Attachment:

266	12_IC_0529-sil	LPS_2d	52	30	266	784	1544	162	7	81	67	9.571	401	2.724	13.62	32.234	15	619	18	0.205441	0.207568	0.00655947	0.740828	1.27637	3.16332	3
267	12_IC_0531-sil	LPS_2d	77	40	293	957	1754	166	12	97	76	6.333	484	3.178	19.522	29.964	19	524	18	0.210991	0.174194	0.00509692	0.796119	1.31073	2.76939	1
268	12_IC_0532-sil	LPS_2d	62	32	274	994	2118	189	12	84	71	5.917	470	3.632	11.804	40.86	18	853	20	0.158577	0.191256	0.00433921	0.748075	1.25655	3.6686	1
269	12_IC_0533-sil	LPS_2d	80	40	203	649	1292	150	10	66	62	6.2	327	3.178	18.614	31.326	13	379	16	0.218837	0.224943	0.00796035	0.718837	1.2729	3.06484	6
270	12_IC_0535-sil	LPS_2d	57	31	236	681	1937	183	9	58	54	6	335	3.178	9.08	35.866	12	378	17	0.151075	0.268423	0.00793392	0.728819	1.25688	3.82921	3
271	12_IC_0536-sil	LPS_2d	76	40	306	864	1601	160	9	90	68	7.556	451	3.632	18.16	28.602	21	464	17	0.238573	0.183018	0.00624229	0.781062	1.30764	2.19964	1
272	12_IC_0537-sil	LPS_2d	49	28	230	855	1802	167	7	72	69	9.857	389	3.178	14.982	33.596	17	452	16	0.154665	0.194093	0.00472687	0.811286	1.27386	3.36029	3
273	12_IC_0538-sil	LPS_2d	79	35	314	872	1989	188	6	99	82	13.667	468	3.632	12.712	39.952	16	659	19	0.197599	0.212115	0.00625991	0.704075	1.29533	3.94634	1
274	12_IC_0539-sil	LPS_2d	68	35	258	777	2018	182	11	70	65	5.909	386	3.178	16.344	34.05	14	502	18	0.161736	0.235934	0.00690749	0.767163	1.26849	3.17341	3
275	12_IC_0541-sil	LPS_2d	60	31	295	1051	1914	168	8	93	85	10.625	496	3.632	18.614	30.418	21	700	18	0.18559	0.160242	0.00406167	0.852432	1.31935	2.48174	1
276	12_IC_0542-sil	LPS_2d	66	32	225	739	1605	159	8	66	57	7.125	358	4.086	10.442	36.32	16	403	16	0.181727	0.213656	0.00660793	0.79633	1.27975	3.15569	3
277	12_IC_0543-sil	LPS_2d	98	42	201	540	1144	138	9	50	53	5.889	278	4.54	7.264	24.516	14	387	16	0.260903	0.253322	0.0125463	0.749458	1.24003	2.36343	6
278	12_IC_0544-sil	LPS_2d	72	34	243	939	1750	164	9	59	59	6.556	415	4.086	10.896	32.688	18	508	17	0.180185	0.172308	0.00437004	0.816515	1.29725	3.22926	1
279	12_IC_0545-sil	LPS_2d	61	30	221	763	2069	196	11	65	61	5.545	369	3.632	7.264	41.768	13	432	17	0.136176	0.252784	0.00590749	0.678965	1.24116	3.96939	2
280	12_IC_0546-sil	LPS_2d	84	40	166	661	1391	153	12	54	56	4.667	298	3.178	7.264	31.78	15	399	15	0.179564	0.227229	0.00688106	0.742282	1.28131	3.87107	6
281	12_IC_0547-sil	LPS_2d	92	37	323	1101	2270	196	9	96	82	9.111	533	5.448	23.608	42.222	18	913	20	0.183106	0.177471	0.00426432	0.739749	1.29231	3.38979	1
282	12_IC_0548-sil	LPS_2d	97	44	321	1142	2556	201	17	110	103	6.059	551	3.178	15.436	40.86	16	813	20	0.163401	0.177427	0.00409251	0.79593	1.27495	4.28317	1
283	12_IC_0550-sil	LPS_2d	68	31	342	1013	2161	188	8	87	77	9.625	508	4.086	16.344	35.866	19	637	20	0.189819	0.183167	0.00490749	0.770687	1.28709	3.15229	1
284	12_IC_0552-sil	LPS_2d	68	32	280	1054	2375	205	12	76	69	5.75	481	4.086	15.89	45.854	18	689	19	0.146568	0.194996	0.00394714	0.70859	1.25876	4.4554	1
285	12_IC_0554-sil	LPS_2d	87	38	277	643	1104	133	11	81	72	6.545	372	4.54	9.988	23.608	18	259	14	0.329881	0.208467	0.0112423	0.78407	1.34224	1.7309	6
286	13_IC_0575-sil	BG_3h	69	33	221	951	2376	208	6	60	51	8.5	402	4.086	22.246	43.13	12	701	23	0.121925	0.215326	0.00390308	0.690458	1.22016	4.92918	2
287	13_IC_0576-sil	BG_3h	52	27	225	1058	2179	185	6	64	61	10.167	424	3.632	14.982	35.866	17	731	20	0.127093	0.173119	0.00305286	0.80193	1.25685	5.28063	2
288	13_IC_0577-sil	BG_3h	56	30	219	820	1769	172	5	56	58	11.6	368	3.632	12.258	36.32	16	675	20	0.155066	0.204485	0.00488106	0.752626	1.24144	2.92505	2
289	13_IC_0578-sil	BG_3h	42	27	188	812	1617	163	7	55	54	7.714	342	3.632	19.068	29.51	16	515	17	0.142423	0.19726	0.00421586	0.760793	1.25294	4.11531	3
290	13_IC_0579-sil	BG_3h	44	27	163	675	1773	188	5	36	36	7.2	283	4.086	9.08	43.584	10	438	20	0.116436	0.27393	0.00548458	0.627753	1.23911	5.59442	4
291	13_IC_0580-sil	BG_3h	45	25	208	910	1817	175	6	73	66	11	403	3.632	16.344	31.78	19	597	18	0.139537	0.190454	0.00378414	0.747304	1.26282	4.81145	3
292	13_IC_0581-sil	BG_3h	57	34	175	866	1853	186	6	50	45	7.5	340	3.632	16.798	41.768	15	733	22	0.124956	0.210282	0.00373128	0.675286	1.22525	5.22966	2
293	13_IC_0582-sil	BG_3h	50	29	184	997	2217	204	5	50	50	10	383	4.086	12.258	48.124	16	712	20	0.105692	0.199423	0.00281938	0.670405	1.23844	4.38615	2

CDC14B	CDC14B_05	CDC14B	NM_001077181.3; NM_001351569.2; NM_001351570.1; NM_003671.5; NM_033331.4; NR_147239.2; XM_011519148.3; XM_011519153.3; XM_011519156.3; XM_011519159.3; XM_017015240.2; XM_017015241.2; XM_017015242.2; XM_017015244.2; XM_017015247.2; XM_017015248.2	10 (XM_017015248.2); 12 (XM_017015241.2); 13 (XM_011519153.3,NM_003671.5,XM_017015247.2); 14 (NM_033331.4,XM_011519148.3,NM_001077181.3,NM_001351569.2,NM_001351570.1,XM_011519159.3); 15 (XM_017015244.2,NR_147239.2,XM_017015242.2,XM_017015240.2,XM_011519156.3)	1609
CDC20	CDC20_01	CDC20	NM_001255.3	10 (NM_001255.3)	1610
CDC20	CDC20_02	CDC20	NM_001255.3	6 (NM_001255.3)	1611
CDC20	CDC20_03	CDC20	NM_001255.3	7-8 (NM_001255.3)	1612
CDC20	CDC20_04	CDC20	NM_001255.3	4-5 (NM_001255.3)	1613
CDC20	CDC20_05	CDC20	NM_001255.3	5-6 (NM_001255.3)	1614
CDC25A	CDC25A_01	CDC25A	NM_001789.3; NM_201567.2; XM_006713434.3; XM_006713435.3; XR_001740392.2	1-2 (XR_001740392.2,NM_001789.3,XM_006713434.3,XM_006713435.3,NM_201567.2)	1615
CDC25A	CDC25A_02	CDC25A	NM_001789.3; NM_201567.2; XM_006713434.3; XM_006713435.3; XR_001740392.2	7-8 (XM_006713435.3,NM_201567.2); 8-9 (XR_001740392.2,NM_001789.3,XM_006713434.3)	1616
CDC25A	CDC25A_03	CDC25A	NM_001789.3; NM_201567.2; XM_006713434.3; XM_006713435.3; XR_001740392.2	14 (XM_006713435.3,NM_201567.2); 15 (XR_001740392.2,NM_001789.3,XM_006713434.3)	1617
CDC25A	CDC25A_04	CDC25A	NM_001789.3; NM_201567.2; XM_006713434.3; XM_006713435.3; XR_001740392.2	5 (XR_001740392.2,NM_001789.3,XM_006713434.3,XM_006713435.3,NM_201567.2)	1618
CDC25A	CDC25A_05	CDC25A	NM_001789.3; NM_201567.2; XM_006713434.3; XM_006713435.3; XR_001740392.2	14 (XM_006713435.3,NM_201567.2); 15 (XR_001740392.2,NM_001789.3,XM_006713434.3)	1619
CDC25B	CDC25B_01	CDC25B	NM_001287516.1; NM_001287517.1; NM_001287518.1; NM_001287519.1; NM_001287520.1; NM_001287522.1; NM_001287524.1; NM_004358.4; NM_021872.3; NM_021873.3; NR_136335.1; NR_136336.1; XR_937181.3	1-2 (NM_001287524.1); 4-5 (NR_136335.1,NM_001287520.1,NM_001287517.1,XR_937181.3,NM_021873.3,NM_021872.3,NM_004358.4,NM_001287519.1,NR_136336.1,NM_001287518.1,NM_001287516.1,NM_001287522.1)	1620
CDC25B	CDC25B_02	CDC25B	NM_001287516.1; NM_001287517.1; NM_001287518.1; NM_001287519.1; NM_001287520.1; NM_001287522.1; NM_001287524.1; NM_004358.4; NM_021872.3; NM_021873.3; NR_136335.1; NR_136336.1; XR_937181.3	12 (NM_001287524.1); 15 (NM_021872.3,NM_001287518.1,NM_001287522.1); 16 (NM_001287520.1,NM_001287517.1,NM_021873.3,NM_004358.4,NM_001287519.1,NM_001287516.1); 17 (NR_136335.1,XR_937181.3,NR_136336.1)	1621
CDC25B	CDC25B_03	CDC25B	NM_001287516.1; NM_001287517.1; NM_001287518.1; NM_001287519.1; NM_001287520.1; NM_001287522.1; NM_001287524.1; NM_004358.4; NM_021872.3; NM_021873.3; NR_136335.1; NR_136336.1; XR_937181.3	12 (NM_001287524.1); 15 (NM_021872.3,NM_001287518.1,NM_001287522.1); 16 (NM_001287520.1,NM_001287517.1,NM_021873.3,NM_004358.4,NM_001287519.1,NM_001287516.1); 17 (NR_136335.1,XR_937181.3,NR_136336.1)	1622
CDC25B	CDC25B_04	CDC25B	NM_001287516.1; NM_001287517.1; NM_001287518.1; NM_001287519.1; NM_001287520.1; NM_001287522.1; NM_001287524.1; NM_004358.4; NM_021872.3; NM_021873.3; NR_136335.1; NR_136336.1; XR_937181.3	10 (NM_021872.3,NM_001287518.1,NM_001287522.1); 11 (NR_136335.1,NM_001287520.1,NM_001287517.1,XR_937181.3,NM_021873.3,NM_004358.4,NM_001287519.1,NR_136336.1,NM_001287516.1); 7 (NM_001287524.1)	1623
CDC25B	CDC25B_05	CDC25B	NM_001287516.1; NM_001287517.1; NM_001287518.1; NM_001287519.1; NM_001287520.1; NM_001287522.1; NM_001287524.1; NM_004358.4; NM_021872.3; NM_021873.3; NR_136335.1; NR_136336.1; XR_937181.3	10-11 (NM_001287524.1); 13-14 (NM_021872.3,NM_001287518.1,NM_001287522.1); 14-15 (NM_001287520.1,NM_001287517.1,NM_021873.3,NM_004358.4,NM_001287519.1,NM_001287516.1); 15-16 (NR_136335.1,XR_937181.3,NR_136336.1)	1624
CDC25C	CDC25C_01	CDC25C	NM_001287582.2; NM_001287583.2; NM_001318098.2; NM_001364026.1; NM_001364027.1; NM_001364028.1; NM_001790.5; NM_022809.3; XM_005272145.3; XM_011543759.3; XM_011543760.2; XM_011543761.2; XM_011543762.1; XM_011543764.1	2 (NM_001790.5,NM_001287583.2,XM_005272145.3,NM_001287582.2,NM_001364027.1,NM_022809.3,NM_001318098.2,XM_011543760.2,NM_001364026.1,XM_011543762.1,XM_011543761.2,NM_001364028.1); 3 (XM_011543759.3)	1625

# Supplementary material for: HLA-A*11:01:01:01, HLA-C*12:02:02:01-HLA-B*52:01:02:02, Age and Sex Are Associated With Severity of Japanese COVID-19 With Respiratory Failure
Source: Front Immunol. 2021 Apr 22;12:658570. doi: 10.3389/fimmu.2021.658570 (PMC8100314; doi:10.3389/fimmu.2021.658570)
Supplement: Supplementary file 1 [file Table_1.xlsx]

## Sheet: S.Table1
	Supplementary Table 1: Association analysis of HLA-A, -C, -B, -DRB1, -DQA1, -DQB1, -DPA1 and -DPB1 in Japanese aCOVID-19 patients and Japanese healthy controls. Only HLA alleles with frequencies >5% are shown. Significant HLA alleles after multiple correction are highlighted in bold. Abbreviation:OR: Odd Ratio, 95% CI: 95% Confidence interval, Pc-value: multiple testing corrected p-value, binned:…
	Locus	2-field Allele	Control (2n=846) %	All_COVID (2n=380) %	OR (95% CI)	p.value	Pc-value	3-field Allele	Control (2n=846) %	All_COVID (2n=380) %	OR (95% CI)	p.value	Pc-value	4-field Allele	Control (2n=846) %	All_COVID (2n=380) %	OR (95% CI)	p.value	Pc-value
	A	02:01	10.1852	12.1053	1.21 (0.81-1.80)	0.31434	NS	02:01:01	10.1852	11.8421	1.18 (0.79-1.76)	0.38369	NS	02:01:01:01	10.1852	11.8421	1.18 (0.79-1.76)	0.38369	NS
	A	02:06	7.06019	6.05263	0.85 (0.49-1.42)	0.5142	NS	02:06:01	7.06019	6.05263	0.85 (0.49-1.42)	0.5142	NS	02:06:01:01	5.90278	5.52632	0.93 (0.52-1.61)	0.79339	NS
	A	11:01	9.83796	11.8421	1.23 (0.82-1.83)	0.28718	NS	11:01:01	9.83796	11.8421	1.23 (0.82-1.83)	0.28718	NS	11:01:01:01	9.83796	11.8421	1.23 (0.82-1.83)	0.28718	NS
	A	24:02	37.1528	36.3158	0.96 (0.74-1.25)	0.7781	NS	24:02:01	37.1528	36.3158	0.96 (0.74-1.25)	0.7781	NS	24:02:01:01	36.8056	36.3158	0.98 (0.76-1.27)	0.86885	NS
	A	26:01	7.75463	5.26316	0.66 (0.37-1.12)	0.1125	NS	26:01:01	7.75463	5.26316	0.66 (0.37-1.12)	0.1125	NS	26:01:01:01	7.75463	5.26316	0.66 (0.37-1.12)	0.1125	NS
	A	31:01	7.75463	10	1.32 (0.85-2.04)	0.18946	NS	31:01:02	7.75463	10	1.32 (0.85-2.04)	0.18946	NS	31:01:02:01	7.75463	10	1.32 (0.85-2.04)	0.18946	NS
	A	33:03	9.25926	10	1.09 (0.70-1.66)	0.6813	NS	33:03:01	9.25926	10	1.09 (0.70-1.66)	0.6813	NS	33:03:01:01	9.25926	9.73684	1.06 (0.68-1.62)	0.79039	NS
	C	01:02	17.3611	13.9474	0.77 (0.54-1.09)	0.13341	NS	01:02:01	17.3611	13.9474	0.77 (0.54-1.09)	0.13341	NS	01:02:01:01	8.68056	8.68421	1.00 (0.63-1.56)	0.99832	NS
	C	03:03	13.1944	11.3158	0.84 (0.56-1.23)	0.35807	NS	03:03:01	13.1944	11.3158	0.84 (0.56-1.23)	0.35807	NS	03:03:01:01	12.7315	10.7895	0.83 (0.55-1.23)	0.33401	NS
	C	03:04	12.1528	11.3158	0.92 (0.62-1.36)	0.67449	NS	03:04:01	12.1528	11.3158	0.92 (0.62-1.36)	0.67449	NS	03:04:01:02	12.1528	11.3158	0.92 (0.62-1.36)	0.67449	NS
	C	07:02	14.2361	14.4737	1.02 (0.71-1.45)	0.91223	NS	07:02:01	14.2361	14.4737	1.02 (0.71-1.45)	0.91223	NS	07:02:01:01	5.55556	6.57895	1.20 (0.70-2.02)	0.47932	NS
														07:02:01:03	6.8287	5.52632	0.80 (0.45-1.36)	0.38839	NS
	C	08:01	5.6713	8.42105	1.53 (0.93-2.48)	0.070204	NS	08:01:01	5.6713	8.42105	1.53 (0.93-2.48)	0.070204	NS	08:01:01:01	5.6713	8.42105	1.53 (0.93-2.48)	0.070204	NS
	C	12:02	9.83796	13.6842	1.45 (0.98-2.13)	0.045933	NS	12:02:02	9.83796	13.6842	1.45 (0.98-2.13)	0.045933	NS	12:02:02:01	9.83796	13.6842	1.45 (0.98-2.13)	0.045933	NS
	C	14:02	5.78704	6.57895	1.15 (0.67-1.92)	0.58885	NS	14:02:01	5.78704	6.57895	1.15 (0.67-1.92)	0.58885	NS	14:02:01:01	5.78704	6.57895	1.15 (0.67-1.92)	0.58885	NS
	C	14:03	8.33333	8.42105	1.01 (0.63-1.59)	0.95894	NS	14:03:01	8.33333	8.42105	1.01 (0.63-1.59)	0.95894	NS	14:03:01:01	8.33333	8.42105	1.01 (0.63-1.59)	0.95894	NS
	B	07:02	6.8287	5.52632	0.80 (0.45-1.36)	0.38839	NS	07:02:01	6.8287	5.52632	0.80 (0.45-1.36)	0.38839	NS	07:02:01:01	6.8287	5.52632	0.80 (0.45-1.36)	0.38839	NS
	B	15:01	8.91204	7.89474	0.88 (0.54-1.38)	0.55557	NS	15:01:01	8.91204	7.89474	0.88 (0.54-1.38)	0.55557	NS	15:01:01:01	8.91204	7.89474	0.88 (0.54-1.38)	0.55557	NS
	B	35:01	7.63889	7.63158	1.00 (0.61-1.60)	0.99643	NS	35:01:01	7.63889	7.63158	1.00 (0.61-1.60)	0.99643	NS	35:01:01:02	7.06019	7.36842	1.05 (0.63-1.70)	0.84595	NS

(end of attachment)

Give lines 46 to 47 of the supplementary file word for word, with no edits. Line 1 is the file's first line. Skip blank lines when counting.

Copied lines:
# Supplementary material for: HLA-A*11:01:01:01, HLA-C*12:02:02:01-HLA-B*52:01:02:02, Age and Sex Are Associated With Severity of Japanese COVID-19 With Respiratory Failure
Source: Front Immunol. 2021 Apr 22;12:658570. doi: 10.3389/fimmu.2021.658570 (PMC8100314; doi:10.3389/fimmu.2021.658570)